They've invited me to present my papers, and this time it's personal

The examiner examined: Martin Cortazzi on the day a UK university asked him, rather apologetically, to show them his passport

August 9, 2012



Credit: Rose Barton


I'm in central China for a series of working visits to universities: this city alone has 78. So far, I haven't been asked any questions by Chinese universities about my passport. Why would I be? Here, international visitors are welcomed with banquets.

This contrasts with the experience I had recently when examining a doctoral thesis at a world top-200 UK university. After the (successful) viva, the office processing my expenses claim suddenly asked to see my passport or a scanned certified copy of the main pages.

I don't recall ever having had to produce a passport when examining at 25 other universities. So why was it necessary here?

At first I thought it was a joke, but the university - very apologetically - informed me that it must now check my passport in accordance with UK Border Agency regulations. It seems that staff visiting British universities from another British university for examining purposes must now undergo UKBA checks.

No wonder the agency is short of staff and was in trouble recently over long queues at airports: even without the Olympics, there is clearly too much red (white and blue) tape.

Yes, my family name is Italian, and it's true that my grandfather's grandfather came to the UK from the Mediterranean and his grandfathers were diplomats for the Venetian Republic, before Italy was Italy - but we consider ourselves British. How many generations does it take to be British? No doubt I have British blood, but a fair amount is Italian, too (and Greek and Swiss). Shall I go to the genetics department to give a blood sample so someone can look into this?

Suppose I don't have a passport. Does every external examiner have to be an international traveller? The university's email explained (and it took more than 600 words) that there is an alternative: examiners can bring a full UK adoption certificate, birth certificate, naturalisation paper, immigration status document or letter from the Home Office. But none of these is sufficient on its own: all must be produced "in combination with an official document giving the person's National Insurance Number and their name issued by a Government agency or a previous employer".

Times change. Maybe we should ask who we are. After a fair amount of reading in Buddhist, Christian and Islamic philosophy about finding my true self, I am not completely unprepared for this.

"If this is not a joke", I replied, "and just a wheeze to pretend we (I provisionally count myself as part of the 'we' here) are controlling immigration, please tell me where your office is located on campus and I will be happy to present myself with a passport or other evidence that I am neither a legal nor an illegal immigrant and we can discuss existentialism while I prove that I am me."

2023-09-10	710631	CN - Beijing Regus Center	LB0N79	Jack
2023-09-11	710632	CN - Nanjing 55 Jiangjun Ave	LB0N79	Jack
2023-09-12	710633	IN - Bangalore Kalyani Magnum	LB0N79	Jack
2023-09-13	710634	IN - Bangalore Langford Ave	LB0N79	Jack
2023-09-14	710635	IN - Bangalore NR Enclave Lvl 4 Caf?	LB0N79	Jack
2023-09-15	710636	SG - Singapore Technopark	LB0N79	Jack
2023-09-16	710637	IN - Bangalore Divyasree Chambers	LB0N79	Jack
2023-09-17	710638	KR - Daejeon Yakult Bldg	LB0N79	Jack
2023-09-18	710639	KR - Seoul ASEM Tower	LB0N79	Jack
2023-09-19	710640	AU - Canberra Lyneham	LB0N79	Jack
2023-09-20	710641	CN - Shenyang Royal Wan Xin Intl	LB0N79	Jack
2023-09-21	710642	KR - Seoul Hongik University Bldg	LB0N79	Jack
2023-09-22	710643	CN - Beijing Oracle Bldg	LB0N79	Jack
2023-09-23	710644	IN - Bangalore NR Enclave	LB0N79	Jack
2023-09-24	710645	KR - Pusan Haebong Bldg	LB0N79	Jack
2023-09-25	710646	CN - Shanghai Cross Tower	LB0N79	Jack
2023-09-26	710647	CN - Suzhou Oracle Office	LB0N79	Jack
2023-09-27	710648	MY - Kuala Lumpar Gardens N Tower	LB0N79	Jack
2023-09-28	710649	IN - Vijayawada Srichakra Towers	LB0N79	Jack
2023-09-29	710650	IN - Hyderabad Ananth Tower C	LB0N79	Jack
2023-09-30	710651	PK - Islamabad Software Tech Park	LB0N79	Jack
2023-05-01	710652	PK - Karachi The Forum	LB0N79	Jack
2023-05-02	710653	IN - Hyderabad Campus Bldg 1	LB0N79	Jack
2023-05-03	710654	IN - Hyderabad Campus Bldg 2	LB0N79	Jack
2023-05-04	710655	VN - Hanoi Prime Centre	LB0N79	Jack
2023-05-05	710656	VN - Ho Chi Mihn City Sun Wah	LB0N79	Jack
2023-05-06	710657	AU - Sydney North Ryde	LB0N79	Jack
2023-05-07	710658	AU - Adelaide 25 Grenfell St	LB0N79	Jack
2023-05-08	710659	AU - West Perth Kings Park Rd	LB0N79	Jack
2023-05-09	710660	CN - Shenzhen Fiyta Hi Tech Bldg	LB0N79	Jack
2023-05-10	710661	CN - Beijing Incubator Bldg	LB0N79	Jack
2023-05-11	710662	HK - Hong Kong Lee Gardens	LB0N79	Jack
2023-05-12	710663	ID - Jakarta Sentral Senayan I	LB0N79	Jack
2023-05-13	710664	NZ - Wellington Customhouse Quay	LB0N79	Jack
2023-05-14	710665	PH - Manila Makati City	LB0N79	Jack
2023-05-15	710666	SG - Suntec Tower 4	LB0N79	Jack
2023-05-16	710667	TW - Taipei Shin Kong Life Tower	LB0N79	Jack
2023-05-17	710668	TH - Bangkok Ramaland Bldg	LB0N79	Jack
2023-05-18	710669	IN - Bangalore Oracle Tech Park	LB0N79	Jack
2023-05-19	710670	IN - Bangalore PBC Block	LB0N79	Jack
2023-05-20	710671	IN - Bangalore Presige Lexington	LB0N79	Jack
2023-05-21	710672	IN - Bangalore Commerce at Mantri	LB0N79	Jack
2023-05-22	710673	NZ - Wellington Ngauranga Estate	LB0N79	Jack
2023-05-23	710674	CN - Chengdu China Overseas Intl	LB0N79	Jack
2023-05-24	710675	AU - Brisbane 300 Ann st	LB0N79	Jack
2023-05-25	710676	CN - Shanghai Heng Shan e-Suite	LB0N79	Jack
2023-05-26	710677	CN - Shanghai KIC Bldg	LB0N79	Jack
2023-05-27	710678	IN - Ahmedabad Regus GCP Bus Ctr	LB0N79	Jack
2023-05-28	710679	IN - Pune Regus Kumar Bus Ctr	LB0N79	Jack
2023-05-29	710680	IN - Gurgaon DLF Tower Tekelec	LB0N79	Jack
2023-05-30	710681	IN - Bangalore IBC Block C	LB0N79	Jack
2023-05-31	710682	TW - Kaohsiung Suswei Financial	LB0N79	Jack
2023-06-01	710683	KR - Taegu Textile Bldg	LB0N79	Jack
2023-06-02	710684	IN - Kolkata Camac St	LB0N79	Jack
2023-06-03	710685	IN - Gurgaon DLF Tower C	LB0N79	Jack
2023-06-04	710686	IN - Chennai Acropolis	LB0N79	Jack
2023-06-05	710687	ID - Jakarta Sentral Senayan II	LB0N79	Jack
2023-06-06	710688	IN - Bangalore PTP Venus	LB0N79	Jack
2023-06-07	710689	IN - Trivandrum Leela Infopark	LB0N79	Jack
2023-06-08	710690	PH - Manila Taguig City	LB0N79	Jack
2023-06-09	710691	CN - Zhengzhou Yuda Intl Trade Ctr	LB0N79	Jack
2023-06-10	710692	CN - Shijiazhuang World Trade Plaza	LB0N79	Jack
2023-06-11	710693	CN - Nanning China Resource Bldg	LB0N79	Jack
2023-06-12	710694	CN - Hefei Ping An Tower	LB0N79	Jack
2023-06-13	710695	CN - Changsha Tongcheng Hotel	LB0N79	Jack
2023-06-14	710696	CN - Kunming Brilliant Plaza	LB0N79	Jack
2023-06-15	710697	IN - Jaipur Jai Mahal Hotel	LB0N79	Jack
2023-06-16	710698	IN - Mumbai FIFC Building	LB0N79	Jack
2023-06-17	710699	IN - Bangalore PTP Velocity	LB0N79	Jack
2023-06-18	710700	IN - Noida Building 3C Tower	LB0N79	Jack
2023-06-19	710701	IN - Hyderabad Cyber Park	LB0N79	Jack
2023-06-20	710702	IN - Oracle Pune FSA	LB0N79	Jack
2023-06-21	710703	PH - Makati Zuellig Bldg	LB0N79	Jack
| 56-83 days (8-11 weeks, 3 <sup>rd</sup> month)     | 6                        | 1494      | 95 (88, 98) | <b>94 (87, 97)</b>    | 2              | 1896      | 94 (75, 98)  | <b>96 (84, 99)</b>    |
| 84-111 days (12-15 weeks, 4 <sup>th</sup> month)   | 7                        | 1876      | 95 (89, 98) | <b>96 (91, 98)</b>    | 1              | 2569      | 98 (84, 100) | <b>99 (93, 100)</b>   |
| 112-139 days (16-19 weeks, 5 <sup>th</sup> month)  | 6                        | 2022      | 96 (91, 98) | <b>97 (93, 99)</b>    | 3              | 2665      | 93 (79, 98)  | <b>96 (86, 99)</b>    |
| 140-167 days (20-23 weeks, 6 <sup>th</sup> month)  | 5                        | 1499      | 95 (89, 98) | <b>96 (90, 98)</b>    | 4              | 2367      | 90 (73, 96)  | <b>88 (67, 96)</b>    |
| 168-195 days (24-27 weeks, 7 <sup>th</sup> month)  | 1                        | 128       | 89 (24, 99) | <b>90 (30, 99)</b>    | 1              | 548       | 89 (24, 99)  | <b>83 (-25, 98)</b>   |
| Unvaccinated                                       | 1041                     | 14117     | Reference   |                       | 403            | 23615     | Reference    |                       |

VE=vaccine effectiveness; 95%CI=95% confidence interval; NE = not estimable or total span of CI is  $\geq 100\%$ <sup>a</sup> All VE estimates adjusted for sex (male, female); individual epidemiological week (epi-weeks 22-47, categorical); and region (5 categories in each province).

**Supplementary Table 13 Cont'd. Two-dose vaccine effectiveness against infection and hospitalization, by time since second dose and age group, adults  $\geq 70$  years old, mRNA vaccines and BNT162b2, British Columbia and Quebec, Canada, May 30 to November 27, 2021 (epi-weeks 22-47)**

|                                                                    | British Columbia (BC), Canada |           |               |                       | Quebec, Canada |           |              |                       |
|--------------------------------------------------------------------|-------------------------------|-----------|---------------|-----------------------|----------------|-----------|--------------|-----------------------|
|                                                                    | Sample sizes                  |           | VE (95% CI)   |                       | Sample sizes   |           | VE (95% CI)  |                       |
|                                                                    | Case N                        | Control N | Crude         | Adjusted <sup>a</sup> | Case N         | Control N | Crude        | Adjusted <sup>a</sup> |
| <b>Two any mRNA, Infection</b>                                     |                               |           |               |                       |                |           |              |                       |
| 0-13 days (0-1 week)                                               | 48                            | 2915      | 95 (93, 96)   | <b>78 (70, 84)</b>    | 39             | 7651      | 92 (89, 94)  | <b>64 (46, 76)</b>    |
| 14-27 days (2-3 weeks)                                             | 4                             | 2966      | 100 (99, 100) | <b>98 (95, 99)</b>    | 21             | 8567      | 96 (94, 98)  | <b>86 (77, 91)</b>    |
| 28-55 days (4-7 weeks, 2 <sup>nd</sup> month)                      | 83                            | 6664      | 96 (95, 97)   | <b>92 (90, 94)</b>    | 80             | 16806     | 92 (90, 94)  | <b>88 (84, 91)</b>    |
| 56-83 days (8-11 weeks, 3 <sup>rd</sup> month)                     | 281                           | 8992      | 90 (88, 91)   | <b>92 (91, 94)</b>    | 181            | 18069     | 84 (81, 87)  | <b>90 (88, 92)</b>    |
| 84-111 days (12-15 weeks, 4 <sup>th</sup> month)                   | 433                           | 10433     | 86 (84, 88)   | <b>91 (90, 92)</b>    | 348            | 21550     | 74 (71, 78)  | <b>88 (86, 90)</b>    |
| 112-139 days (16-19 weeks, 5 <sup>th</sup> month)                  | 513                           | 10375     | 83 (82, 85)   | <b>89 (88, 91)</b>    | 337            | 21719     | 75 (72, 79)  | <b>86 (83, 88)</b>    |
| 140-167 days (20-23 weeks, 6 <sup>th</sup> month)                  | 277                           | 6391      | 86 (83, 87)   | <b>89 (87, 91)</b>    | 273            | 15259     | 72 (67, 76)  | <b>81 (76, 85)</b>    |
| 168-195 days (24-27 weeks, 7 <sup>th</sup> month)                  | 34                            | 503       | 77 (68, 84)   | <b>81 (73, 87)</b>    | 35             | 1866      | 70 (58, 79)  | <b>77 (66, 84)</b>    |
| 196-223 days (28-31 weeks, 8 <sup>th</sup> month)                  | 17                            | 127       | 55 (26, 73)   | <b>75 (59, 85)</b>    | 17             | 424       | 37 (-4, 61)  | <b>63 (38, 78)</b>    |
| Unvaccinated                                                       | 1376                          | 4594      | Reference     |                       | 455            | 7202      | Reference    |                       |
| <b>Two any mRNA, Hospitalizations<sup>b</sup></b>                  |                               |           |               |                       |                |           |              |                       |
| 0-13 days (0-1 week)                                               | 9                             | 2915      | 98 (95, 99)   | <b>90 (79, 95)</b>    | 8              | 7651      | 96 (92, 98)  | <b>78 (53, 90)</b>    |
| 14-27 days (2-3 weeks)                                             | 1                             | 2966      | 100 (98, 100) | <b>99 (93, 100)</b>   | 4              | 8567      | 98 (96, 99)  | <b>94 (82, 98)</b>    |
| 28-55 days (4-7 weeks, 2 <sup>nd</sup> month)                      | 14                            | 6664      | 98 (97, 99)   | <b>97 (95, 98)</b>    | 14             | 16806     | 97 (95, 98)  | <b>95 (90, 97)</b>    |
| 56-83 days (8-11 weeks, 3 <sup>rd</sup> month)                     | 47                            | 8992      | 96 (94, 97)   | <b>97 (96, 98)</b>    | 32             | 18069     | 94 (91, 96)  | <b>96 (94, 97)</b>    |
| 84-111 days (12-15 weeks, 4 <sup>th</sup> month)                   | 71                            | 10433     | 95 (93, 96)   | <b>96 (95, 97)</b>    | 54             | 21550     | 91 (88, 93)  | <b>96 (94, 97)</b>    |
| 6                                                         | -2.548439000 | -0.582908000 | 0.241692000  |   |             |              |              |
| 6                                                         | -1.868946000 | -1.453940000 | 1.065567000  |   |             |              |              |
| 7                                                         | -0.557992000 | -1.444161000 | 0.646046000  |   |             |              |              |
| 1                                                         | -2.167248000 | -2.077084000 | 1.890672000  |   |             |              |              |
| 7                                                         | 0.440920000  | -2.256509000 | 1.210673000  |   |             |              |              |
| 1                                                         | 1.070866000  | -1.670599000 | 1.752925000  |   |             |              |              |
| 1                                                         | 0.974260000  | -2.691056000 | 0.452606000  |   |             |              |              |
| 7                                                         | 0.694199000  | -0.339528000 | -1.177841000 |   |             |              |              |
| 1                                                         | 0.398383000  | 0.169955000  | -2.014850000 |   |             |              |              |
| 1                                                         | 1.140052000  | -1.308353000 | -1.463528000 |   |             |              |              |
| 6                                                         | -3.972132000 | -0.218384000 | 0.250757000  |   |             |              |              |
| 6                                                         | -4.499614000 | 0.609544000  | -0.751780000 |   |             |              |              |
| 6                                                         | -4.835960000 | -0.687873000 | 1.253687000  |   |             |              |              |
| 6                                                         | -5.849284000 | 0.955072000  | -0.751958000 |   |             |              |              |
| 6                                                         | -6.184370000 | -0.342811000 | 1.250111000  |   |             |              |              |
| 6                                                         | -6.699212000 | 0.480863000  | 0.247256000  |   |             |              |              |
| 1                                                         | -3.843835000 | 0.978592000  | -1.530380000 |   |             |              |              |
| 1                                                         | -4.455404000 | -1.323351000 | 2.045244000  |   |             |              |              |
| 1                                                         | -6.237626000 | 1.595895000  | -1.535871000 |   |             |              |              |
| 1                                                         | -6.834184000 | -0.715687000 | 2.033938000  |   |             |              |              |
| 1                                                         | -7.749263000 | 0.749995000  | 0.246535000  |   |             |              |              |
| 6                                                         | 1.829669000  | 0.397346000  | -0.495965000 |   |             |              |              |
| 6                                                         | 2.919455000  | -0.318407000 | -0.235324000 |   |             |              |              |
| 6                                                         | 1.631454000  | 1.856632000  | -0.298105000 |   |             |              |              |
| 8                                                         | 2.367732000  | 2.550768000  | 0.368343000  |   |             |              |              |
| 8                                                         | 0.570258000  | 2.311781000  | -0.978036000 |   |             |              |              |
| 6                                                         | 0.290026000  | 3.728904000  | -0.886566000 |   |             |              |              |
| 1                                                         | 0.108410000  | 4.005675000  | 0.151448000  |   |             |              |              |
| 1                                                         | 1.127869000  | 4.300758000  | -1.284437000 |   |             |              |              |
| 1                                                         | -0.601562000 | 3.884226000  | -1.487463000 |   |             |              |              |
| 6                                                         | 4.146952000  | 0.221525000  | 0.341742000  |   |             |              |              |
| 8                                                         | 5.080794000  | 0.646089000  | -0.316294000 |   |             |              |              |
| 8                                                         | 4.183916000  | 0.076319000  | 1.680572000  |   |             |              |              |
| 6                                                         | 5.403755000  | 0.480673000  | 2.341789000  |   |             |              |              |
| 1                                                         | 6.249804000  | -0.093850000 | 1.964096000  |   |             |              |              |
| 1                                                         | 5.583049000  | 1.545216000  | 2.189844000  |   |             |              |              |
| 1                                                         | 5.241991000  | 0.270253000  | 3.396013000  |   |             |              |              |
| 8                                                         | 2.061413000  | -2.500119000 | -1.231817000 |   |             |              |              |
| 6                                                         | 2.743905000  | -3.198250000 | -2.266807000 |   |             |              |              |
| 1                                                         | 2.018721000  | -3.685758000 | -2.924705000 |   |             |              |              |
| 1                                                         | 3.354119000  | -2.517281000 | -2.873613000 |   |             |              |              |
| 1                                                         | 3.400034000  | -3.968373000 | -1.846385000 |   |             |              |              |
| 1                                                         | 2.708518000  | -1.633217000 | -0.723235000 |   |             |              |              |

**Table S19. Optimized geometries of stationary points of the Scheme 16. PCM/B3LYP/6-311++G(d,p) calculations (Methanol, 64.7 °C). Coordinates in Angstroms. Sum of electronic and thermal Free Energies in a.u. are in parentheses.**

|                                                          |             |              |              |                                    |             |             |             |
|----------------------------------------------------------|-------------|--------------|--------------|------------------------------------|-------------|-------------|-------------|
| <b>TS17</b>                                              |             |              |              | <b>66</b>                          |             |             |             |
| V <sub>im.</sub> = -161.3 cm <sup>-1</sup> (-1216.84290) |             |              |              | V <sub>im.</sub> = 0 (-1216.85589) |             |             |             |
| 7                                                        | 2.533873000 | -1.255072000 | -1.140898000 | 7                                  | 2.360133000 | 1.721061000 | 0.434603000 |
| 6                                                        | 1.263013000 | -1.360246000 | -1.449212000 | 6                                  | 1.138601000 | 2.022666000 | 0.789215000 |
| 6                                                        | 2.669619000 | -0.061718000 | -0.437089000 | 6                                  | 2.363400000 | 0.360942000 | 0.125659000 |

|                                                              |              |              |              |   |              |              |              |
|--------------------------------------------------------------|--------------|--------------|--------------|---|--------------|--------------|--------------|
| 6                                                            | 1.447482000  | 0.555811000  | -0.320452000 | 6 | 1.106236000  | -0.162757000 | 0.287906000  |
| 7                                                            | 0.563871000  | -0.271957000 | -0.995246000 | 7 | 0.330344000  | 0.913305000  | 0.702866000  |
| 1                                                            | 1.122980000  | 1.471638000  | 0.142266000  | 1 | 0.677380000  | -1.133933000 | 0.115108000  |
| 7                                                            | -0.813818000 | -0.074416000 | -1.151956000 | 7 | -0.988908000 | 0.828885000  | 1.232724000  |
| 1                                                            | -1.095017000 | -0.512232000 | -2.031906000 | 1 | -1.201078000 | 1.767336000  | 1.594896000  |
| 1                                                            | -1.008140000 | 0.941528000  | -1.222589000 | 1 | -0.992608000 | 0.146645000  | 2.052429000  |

Whatever next? A citizenship or language test? As someone with the currently contested status of "native" speaker of English, I will be able to make a courageous attempt if the test is in English. I could probably manage it in six other languages. Having four British degrees might just help, too.

In socio-linguistic studies of identity, concepts of multiple heritages and identities are now normal. So, increasingly, are "border crossings" between them; in our complex relations, we shift between identities in different contexts. Understanding this is vital for internationalising UK universities. To me, internationalisation is less a question of attracting international students and staff than of internationalising programme content, achieving international understanding and empathies and developing international cultures of learning. These requirements seem a very long way from any of this.

The university tells me it is changing its procedures so that in future, external examiners - whatever their nationality - will be asked to produce their passport (or adoption or birth certificate) during the appointment process rather than after the viva.

This means that the next time I'm invited to examine, I'll not only have to complete a form with answers to the now-fashionable questions "How many PhDs have you examined before?"; "How many doctoral theses have you supervised through to completion?"; "How many theses have you examined in 'good' universities?"; and "How many theses have you examined internationally?" (How on earth is a novice examiner supposed to break into this game?) As if this were not enough to put one off, I'll also need to produce the required documentation to satisfy the UKBA about my identity. External examiners cross borders.

Meanwhile, while I watch the Olympics on Chinese TV through international eyes, I'm wondering who checked the identities of the people who devised these regulations. Who are they? Did they ever cross borders themselves? Do they sit behind barbed-wire fences devising bureaucratic forms and language and genetics tests? And, most importantly, where are their papers?

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